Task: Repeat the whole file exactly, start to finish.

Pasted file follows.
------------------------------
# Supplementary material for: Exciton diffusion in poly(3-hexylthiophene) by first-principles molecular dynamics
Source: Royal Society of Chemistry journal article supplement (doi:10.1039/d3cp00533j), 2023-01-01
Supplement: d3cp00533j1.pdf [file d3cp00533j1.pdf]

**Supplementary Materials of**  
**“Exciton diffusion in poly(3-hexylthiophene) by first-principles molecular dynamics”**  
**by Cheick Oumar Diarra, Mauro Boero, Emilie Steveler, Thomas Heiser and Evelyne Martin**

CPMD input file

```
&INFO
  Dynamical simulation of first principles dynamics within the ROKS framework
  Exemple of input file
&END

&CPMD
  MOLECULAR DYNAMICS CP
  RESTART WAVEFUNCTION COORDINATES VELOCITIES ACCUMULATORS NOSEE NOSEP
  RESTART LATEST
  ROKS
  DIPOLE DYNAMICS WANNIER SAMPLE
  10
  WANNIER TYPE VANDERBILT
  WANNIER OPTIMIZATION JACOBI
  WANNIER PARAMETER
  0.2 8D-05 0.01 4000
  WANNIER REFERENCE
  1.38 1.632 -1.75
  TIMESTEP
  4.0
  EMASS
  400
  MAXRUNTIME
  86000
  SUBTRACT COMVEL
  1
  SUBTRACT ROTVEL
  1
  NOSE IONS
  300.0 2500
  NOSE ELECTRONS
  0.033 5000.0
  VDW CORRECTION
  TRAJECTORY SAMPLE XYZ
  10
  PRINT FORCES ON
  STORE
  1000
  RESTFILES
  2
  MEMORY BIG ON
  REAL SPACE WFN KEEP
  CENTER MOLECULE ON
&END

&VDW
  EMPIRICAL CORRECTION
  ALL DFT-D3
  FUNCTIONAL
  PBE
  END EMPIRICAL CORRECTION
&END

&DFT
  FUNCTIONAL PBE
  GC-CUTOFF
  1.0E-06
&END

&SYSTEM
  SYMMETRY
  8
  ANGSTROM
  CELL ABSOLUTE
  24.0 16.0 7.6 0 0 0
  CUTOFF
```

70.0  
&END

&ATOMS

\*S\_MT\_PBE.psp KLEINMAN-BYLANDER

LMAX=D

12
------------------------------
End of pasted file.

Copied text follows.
# Supplementary material for: Exciton diffusion in poly(3-hexylthiophene) by first-principles molecular dynamics
Source: Royal Society of Chemistry journal article supplement (doi:10.1039/d3cp00533j), 2023-01-01
Supplement: d3cp00533j1.pdf [file d3cp00533j1.pdf]

**Supplementary Materials of**  
**“Exciton diffusion in poly(3-hexylthiophene) by first-principles molecular dynamics”**  
**by Cheick Oumar Diarra, Mauro Boero, Emilie Steveler, Thomas Heiser and Evelyne Martin**

CPMD input file

```
&INFO
  Dynamical simulation of first principles dynamics within the ROKS framework
  Exemple of input file
&END

&CPMD
  MOLECULAR DYNAMICS CP
  RESTART WAVEFUNCTION COORDINATES VELOCITIES ACCUMULATORS NOSEE NOSEP
  RESTART LATEST
  ROKS
  DIPOLE DYNAMICS WANNIER SAMPLE
  10
  WANNIER TYPE VANDERBILT
  WANNIER OPTIMIZATION JACOBI
  WANNIER PARAMETER
  0.2 8D-05 0.01 4000
  WANNIER REFERENCE
  1.38 1.632 -1.75
  TIMESTEP
  4.0
  EMASS
  400
  MAXRUNTIME
  86000
  SUBTRACT COMVEL
  1
  SUBTRACT ROTVEL
  1
  NOSE IONS
  300.0 2500
  NOSE ELECTRONS
  0.033 5000.0
  VDW CORRECTION
  TRAJECTORY SAMPLE XYZ
  10
  PRINT FORCES ON
  STORE
  1000
  RESTFILES
  2
  MEMORY BIG ON
  REAL SPACE WFN KEEP
  CENTER MOLECULE ON
&END

&VDW
  EMPIRICAL CORRECTION
  ALL DFT-D3
  FUNCTIONAL
  PBE
  END EMPIRICAL CORRECTION
&END

&DFT
  FUNCTIONAL PBE
  GC-CUTOFF
  1.0E-06
&END

&SYSTEM
  SYMMETRY
  8
  ANGSTROM
  CELL ABSOLUTE
  24.0 16.0 7.6 0 0 0
  CUTOFF
```

70.0  
&END

&ATOMS

\*S\_MT\_PBE.psp KLEINMAN-BYLANDER

LMAX=D

12